The original Vauxhall (and Opel) Ampera was one of the first production plug-in hybrids. Sadly, it was too far ahead of its time and sold in tiny numbers. This second-generation car – renamed Ampera-e and only available in left-hand drive – looks more conventional and is now fully electric. Opel claims a range of 236 miles using the latest WLTP test cycle.
If you want a new G-Wagen in the UK (and we do), your only option is the blood-and-thunder 585hp AMG G63. However, many consider the detuned 422hp G500 a better all-rounder. It’s quieter, smoother and more efficient – and considerably cheaper to buy, too. But only if you live on the continent…
Volvo S60 Polestar
We’re fortunate enough to be offered the Volvo V60 Polestar, but the S60 is strictly off limits. This is due in part to the fact that we prefer wagons to saloons, but there’s something delightfully old-school about the S60 Polestar. Avoid the Rebel Blue paint job and it’s one of the world’s ultimate sleepers.
Skoda Rapid Spaceback ScoutLine
On character count alone, this is one of the biggest names in Europe. The Skoda Rapid Spaceback Scoutline could be the Rapid you always dreamed of. Don’t let the looks deceive you, because this particular Skoda has about as much off-road ability as a Mini Moke, but it looks wonderfully cool in Pistachio Green.
The Camry made its UK debut in 1984, soon establishing itself as the flagship of the Toyota range. It majored on equipment and refinement, but there was a Sport model, complete with 2.2-litre 16v engine. The Camry lived on until 2004, but hasn’t been seen in the UK since. However, it will make a comeback later this year…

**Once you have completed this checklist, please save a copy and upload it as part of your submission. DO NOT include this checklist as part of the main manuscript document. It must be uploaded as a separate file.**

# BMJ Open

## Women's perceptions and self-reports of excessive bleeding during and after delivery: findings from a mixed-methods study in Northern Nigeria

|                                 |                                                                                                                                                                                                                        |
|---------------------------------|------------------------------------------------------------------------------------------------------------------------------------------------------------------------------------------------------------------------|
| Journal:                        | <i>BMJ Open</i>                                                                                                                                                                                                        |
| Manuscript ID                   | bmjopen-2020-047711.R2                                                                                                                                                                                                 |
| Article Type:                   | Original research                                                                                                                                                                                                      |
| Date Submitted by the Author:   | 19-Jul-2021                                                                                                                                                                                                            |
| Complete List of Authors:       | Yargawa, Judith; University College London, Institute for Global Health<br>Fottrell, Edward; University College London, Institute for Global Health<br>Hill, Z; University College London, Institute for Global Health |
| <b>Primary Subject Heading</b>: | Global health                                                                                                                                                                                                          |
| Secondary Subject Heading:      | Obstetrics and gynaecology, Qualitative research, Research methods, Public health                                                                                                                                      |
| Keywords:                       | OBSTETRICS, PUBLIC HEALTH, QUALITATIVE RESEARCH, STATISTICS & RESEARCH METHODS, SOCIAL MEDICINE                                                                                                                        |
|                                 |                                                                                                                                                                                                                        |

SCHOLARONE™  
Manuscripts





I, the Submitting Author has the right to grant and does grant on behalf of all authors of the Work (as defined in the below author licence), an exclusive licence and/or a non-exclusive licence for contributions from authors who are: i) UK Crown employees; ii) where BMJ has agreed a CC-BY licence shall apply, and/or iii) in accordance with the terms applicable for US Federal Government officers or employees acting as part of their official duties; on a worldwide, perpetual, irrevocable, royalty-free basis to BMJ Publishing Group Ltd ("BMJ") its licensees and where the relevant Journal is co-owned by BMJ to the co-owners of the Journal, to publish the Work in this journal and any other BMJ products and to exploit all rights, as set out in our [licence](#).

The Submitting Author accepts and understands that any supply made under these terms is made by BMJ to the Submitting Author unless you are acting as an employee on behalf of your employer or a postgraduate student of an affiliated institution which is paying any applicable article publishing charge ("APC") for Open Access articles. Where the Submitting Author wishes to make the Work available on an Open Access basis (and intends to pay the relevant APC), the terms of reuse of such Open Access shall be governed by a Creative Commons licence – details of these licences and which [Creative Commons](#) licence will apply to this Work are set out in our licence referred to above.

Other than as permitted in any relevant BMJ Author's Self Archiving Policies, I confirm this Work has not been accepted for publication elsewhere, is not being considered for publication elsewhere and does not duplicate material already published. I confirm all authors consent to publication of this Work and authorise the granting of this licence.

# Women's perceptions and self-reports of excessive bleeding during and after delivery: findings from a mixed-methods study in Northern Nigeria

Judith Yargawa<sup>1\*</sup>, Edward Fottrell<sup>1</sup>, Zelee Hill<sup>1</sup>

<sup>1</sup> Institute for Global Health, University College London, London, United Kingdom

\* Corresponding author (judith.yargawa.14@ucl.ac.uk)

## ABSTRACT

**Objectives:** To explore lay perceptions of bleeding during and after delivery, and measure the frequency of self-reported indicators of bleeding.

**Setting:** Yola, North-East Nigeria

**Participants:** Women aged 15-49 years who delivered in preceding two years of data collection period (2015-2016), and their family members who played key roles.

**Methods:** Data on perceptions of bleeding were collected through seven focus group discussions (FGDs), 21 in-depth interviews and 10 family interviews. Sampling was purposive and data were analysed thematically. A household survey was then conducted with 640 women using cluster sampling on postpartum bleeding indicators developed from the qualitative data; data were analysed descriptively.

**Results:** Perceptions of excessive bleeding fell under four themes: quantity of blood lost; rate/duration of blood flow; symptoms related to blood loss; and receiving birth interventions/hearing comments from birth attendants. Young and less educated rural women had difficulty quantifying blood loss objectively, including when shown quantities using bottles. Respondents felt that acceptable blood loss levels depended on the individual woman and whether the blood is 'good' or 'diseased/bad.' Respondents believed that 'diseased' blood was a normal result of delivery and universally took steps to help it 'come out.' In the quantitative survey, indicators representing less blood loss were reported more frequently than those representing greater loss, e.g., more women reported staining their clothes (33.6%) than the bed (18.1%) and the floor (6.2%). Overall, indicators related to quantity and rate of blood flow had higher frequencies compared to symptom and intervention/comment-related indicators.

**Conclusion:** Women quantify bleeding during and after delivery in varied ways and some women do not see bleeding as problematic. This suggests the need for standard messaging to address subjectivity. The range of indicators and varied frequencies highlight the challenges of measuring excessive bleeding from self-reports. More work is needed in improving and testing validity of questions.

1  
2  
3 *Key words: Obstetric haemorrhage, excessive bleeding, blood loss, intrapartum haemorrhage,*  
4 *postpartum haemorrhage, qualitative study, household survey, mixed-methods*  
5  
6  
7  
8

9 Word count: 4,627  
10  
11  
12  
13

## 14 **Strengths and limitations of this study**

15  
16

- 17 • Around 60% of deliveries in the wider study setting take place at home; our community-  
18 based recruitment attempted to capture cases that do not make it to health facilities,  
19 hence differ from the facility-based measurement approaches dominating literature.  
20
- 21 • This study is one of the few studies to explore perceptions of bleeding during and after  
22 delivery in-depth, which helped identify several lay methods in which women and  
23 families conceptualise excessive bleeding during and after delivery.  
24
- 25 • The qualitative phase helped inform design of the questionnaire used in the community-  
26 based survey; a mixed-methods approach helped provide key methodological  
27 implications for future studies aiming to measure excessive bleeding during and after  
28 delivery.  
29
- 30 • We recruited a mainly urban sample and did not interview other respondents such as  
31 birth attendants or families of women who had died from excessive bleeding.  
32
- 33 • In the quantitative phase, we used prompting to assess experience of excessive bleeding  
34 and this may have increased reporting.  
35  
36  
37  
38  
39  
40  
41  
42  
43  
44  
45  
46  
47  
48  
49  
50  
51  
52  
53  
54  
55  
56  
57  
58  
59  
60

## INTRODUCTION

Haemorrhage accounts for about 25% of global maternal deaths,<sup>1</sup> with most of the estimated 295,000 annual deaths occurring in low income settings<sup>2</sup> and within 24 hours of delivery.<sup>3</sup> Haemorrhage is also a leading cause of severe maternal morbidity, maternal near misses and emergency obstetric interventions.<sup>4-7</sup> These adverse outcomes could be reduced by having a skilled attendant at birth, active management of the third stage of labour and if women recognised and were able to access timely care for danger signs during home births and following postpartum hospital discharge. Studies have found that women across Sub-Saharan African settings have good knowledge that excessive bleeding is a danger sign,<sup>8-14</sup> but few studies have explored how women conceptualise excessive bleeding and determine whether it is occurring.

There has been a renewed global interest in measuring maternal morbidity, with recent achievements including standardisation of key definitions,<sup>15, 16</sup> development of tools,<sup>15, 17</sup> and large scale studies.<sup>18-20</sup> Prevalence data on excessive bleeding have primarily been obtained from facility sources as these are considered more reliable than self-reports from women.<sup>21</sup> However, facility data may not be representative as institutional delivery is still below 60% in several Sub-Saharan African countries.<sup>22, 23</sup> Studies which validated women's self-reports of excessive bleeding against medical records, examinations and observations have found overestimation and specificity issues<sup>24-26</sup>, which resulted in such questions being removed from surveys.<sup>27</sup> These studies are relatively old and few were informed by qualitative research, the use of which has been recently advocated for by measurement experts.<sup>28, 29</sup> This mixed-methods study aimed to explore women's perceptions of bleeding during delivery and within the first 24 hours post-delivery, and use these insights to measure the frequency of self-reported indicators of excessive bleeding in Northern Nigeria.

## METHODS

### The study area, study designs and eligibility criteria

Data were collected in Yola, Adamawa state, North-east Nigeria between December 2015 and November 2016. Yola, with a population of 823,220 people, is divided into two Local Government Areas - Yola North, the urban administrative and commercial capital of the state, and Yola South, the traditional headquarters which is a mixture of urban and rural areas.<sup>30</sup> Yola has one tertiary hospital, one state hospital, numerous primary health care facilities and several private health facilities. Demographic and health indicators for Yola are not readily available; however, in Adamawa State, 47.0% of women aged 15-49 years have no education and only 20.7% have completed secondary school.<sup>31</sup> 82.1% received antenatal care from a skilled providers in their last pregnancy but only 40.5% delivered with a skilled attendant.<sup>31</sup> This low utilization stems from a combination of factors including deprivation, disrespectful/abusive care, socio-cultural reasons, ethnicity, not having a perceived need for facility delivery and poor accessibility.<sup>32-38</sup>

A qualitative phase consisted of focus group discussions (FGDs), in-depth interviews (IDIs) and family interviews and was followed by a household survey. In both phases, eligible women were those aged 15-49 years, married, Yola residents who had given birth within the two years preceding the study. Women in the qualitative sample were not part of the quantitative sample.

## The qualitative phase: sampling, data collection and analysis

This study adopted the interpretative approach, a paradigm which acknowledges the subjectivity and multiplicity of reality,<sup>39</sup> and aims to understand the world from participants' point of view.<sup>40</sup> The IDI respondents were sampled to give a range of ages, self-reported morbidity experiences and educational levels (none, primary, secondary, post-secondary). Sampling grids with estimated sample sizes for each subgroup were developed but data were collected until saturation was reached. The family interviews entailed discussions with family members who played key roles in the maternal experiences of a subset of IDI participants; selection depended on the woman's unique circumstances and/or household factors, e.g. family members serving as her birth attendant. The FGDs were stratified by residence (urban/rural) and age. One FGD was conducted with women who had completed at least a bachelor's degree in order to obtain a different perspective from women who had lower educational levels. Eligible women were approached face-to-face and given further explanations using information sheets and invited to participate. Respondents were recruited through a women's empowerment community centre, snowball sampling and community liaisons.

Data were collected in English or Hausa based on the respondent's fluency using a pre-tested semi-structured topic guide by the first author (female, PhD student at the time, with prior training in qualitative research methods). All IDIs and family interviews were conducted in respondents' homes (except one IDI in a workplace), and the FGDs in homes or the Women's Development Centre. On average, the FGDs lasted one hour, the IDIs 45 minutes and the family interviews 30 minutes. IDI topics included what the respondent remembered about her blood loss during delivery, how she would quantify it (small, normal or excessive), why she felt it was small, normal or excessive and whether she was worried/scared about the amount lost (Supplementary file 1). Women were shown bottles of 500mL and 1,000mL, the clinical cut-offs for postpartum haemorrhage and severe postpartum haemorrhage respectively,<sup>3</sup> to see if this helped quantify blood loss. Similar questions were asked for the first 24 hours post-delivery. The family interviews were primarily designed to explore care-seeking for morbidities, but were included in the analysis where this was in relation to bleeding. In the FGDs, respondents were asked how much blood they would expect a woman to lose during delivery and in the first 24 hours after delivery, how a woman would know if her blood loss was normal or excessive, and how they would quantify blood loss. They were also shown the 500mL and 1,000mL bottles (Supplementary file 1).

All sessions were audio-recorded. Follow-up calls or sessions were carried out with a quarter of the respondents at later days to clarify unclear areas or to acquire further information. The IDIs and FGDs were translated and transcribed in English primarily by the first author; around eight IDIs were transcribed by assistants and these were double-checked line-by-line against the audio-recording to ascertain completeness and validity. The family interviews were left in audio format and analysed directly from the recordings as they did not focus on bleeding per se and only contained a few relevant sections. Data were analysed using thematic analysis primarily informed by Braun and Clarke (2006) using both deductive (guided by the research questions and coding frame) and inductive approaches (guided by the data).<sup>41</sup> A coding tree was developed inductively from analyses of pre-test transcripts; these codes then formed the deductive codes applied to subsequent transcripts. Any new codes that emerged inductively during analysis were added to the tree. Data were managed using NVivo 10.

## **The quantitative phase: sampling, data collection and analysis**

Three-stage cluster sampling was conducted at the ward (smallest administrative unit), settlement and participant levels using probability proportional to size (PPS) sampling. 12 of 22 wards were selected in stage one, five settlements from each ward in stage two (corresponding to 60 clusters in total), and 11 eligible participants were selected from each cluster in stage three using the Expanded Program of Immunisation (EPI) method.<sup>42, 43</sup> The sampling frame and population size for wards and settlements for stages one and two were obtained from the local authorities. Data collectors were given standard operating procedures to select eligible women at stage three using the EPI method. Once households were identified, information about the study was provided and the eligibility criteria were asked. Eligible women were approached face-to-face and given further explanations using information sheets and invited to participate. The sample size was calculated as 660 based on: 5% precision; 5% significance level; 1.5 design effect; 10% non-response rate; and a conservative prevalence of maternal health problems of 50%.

Lada Granta Sport
Who doesn’t want a budget-priced compact saloon with sporting credentials? The Lada Granta Sport is powered by a distinctly old-school 1.6-litre 16v engine, delivering a distinctly old school 0-62 mph time of 9.5 seconds. For some reason we’re really keen to drive it. We have visions of being transported back to the 1990s. And that’s a good thing.
Renault Clio Estate
Small estate cars aren’t hugely popular in the UK, with the Skoda Fabia and SEAT Ibiza representing the best of a rather niche breed. But we feel we’re missing out by not having the Renault Clio Estate on sale in the UK. One for Nicole’s more practical sister, perhaps?
The Toyota Highlander is a seven-seat SUV built at Toyota’s plant in Indiana, along with its assembly plant in China. It’s not widely available in Europe, but customers in Moldova and Ukraine are able to get their hands on Toyota’s “sophisticated” SUV. We’d like a single Highlander to be sold in the UK, just to enable us to use the ‘there can be only one’ gag.
Lada 4×4 Urban
The word ‘urban’ is often synonymous with cutting-edge cool. Not here. Lada’s 4×4 Urban is essentially a reworked version of the ancient Niva, with a 1.7-litre, four-cylinder petrol engine and (slightly) more modern dashboard. Like the Land Rover Defender or Suzuki Jimny, though, it has a certain back-to-basics appeal.
Fiat Tipo saloon
While UK buyers will be able to buy to the Fiat Tipo as a hatchback or estate car, we’re being denied the compact saloon. Taking into account the fact that small estates are a hard sell in the UK, we think the Tipo saloon looks rather stylish. A budget alternative to the Audi A3 saloon and Mercedes-Benz CLA?
The Indian-market Renault Kwid is set to enter Europe and there’s every chance it could arrive in the UK as a Dacia. Remarkably, prices in India start at the equivalent of £2,945, so it could present astonishing value for money in the UK. A decent addition to the Dacia range? We think so.